Humboldt district to add esports, continue free meals program

USD 258 school board members will introduce an esports program as a way to reach students who don't typically participate in extracurricular activities. The district also will continue to offer free meals to all students next year, regardless of the family's ability to pay.

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Local News

July 9, 2024 - 3:21 PM

Humboldt school board members, from left, Ashley Johnson, Sandy Whitaker and Nathan Ellison review information during Monday’s meeting. Photo by Vickie Moss / Iola Register

HUMBOLDT — USD 258 will add an esports program, becoming the second school district in the county to test the video game program as a way to reach students who typically don’t participate in extracurricular activities. Iola middle and high schools also will introduce esports in the next school year.

Esports is short for electronic sports. Students compete in organized online video games with multiplayer teams. 

The Humboldt district has studied esports for about two years but it was a request from a 2024 Humboldt High School graduate that apparently convinced board members to add the program. Just two days after he graduated, Alejandro Vargas-Garcia attended the May school board meeting to tout the benefits of esports, particularly for students who aren’t involved in athletics. In addition to the skills learned from competition, students can earn scholarships to college and develop expertise in science, math and computers to help in a future career. 

Humboldt school staff conducted multiple surveys of students who might be interested. One survey indicated about 40 students who are not involved in any extracurricular activities would join an esports program.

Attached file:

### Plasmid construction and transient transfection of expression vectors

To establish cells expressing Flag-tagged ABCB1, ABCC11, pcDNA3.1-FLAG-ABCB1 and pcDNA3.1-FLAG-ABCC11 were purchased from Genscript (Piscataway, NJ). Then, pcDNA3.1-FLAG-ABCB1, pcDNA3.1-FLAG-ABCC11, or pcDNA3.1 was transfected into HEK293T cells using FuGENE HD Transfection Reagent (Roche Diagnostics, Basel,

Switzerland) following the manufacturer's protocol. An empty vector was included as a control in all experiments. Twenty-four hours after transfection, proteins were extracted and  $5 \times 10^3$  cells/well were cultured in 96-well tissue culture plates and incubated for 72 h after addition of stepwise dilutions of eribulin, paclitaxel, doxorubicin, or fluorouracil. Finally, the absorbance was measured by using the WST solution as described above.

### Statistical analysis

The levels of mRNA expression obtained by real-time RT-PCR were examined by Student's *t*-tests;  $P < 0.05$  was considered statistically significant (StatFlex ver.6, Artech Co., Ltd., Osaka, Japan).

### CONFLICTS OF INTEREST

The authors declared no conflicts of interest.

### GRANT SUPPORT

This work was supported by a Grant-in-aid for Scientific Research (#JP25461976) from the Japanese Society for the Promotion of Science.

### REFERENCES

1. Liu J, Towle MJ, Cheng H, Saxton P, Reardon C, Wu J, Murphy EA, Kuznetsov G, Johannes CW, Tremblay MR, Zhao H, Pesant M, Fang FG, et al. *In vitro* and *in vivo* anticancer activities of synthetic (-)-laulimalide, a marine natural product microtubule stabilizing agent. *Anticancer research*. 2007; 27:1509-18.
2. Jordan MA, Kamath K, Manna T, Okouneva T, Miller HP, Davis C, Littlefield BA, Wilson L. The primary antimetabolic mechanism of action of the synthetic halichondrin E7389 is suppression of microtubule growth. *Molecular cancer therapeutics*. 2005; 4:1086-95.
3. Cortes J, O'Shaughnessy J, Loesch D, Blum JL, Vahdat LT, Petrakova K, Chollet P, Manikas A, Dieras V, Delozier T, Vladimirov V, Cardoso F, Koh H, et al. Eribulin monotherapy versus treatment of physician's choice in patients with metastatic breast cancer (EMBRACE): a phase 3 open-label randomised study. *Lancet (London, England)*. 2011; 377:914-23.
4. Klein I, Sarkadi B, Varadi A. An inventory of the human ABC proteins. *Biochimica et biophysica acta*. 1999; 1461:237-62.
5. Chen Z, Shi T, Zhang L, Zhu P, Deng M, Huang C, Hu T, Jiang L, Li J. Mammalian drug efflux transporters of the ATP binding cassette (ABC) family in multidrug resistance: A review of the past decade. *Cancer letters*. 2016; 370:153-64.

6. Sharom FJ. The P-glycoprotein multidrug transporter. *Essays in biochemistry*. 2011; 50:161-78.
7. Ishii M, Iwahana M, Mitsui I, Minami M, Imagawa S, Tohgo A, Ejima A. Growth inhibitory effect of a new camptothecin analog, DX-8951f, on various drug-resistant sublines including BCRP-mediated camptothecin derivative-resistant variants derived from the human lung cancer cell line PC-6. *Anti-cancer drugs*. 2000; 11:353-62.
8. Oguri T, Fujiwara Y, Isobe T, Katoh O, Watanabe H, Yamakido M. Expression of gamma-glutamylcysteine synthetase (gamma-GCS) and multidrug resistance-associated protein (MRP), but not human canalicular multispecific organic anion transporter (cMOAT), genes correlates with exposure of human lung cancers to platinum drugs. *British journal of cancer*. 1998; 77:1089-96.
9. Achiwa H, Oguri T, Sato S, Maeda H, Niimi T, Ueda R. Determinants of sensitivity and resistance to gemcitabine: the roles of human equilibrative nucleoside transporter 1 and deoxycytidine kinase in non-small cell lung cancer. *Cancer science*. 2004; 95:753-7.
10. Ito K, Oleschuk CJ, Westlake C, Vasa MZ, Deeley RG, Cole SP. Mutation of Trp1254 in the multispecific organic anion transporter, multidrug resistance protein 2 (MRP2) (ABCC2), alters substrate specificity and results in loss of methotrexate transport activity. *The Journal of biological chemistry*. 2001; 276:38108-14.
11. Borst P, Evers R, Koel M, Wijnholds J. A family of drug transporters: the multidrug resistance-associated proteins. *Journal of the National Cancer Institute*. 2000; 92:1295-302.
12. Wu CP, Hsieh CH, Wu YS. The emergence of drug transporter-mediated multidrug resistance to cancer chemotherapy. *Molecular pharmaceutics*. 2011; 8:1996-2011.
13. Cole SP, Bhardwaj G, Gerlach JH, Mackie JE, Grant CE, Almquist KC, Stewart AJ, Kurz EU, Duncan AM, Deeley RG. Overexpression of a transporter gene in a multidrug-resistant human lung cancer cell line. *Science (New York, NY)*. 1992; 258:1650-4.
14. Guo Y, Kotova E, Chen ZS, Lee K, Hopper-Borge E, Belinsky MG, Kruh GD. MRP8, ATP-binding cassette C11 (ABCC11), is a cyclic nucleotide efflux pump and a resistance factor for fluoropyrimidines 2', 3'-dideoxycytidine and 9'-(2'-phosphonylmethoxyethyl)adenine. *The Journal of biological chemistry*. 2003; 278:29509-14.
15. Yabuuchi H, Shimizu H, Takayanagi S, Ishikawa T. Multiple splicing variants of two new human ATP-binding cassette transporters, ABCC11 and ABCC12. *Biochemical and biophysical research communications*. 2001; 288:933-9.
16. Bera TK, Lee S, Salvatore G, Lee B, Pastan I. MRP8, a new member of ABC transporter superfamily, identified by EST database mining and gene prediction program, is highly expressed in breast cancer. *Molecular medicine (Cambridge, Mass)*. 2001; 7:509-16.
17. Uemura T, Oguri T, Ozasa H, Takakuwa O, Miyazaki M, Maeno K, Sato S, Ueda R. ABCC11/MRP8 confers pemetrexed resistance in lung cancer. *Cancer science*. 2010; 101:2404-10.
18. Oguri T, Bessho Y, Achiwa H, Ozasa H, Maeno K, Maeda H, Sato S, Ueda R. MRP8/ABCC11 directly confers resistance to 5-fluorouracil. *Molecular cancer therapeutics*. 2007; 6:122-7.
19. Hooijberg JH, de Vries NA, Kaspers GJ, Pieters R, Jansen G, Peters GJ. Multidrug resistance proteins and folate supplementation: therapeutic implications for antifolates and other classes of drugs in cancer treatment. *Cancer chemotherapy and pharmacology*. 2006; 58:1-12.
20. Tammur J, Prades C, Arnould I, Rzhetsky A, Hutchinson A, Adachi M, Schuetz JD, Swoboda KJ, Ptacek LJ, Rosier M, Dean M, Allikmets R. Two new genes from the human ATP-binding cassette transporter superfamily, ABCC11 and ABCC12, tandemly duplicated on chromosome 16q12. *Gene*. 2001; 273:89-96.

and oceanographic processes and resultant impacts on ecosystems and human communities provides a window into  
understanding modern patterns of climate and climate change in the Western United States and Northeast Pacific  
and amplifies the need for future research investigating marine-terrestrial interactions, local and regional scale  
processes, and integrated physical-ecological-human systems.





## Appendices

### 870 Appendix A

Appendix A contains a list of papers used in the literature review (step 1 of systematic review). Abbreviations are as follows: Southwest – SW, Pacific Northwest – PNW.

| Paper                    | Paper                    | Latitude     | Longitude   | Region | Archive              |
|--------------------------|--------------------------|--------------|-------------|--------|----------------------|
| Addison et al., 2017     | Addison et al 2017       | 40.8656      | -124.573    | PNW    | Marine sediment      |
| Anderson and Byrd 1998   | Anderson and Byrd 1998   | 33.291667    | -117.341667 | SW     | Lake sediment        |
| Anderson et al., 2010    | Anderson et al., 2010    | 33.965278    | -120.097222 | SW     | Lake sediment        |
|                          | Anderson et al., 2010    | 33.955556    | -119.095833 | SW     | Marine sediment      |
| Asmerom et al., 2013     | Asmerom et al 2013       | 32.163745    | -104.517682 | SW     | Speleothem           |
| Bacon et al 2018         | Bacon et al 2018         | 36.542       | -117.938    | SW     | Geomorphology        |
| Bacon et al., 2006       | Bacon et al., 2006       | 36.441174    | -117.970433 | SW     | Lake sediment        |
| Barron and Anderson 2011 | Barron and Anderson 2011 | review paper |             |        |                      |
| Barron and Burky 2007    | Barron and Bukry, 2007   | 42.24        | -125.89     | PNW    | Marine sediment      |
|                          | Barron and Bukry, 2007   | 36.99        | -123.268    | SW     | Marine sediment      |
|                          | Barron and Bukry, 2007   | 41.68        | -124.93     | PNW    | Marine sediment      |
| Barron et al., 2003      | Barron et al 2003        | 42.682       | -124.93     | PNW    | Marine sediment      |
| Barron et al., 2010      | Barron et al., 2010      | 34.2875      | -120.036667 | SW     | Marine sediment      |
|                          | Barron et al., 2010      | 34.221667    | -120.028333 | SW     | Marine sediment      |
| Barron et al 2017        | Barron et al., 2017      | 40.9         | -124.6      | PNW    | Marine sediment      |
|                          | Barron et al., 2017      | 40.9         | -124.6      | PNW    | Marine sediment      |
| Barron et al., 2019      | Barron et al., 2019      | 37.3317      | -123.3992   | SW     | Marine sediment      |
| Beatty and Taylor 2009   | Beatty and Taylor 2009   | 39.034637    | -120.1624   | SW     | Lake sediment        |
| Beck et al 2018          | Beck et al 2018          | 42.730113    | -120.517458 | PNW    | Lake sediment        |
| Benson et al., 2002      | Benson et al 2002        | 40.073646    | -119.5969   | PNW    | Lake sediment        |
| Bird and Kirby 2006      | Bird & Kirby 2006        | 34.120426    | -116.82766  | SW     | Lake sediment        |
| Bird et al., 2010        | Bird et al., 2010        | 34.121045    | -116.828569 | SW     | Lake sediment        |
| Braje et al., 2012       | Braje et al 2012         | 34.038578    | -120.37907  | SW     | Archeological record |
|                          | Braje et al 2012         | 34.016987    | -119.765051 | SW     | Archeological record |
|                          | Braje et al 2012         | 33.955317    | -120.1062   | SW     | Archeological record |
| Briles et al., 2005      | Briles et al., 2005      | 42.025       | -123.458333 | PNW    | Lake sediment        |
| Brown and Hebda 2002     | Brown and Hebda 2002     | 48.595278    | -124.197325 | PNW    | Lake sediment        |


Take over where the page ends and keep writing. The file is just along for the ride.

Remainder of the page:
“This is in response to a specific need,” Superintendent Amber Wheeler told board members at Monday’s meeting. “For a 3A school, we have a lot of athletic activities across the board. I think athletes will be interested in this, too, but the intention is to target students we are missing.”

She’s also interested in educational curriculum that can be added through esports to teach advanced science and math skills. One class, for example, could teach students how to build a computer system. 

Initially, esports will only be offered to Humboldt High School students. Iola is offering different versions of esports at both the middle and high schools. If Humboldt’s program is successful, perhaps it can expand to middle school, Wheeler said.

The Humboldt program will use the fall semester to learn more about esports and practice using equipment. Although they’ll have just six consoles available at the school, teams of five students can play at different times. They also can participate from home, using their own device. Esports has three seasons: fall, winter and summer. Wheeler said Humboldt’s students may be ready to compete either by winter or spring. 

As Wheeler continues to put the program together, she doesn’t have exact costs. An entire year’s subscription, including an educational course and two Nintendo Switch consoles, is $3,500, but Humboldt’s cost is expected to be lower since they won’t require a full year. Also, Wheeler’s initial plan was to use gaming computers but instead, players will use the Switch consoles at a significantly lower cost. 

Continuing costs won’t be high because students compete remotely with no need for travel or uniforms. The board also agreed to pay $15 per hour for a sponsor or coach, at a maximum of 300 hours.

Food program

A summer meals program served an astonishing 3,119 lunches and 2,215 breakfasts to Humboldt children in June. Wheeler told board members about the program’s success, especially after their food service provider learned the district can provide weekend meals. On Thursdays, families can pick up a package that contains enough breakfast and lunch meals to cover Friday, Saturday and Sunday. 

The board also agreed to continue a program that will provide free breakfast and lunch meals to all students, regardless of ability to pay, during the next school year. The district started the Community Eligibility Program in January and it has proven successful, Wheeler said.

The district does incur some costs, she said, particularly as food costs continue to rise. It’s difficult to estimate how much the program costs because expenses fluctuate and the district has not yet offered the program for an entire year, but Wheeler gave a rough estimate of about $30,000. “It’s a very fluid number,” she said. 

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